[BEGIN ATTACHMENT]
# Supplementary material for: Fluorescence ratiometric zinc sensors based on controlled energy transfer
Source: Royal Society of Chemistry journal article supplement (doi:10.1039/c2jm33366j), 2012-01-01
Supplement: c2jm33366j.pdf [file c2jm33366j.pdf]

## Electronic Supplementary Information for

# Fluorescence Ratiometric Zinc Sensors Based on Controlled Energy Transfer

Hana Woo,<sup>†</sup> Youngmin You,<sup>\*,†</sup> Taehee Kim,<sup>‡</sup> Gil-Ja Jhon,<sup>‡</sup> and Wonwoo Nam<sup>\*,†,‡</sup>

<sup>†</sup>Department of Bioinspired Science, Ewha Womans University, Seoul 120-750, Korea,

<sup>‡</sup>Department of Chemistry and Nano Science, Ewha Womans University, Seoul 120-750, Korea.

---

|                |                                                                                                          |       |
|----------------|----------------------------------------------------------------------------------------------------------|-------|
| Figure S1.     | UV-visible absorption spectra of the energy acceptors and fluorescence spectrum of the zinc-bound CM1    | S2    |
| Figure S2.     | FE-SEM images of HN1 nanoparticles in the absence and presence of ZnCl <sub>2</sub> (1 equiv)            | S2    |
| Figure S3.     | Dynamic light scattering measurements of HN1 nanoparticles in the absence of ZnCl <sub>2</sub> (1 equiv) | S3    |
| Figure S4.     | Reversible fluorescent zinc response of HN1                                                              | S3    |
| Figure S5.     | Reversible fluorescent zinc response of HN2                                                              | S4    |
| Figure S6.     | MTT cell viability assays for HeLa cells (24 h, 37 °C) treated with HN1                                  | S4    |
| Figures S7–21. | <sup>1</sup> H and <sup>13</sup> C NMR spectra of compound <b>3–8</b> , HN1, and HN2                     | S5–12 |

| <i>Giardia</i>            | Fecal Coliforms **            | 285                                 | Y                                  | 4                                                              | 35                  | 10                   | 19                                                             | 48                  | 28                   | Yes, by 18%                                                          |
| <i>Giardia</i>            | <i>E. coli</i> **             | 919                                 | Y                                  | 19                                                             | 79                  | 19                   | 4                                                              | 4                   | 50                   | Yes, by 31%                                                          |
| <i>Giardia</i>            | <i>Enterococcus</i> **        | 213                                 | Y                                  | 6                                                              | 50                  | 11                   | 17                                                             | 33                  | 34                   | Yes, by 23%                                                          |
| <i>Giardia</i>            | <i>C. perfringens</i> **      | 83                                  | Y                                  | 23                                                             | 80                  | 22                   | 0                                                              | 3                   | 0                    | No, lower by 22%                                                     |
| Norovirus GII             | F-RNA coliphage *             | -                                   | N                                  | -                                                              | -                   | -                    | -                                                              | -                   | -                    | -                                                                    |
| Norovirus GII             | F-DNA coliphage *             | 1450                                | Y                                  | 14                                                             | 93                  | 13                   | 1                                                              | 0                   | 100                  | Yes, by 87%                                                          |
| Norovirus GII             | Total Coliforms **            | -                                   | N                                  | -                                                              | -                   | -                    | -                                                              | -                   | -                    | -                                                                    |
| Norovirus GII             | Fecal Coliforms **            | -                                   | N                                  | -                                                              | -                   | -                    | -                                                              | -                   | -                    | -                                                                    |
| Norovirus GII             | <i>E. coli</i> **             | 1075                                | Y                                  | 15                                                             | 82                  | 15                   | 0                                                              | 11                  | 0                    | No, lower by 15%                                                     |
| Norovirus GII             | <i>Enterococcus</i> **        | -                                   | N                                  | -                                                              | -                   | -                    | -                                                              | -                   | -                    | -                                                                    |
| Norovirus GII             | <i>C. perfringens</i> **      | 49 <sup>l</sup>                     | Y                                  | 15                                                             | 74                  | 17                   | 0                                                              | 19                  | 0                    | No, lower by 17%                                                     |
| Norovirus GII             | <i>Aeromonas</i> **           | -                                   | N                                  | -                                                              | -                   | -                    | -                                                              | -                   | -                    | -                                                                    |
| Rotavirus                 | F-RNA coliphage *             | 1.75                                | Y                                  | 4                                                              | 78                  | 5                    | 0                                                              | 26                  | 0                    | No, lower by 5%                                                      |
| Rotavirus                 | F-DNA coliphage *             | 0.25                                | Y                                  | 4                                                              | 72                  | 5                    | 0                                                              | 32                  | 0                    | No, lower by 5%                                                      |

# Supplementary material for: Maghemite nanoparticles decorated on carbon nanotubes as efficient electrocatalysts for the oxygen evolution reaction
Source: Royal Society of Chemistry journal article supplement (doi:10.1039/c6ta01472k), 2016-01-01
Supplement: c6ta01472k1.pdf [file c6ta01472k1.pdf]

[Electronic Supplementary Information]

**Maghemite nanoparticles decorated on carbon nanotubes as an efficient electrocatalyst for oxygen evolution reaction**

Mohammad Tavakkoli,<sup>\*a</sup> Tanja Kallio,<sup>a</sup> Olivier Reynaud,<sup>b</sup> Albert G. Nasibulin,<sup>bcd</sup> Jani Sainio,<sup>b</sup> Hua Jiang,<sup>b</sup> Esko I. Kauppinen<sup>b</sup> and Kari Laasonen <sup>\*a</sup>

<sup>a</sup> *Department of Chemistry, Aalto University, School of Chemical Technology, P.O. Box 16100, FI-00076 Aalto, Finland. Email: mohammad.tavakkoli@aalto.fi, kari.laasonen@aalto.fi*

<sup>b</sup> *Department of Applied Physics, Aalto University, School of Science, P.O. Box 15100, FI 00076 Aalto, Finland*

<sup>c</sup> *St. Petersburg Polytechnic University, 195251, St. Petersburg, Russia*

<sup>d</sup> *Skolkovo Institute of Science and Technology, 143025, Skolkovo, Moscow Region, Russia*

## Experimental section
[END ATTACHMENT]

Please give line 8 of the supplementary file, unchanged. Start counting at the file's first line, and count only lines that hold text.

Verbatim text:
<sup>‡</sup>Department of Chemistry and Nano Science, Ewha Womans University, Seoul 120-750, Korea.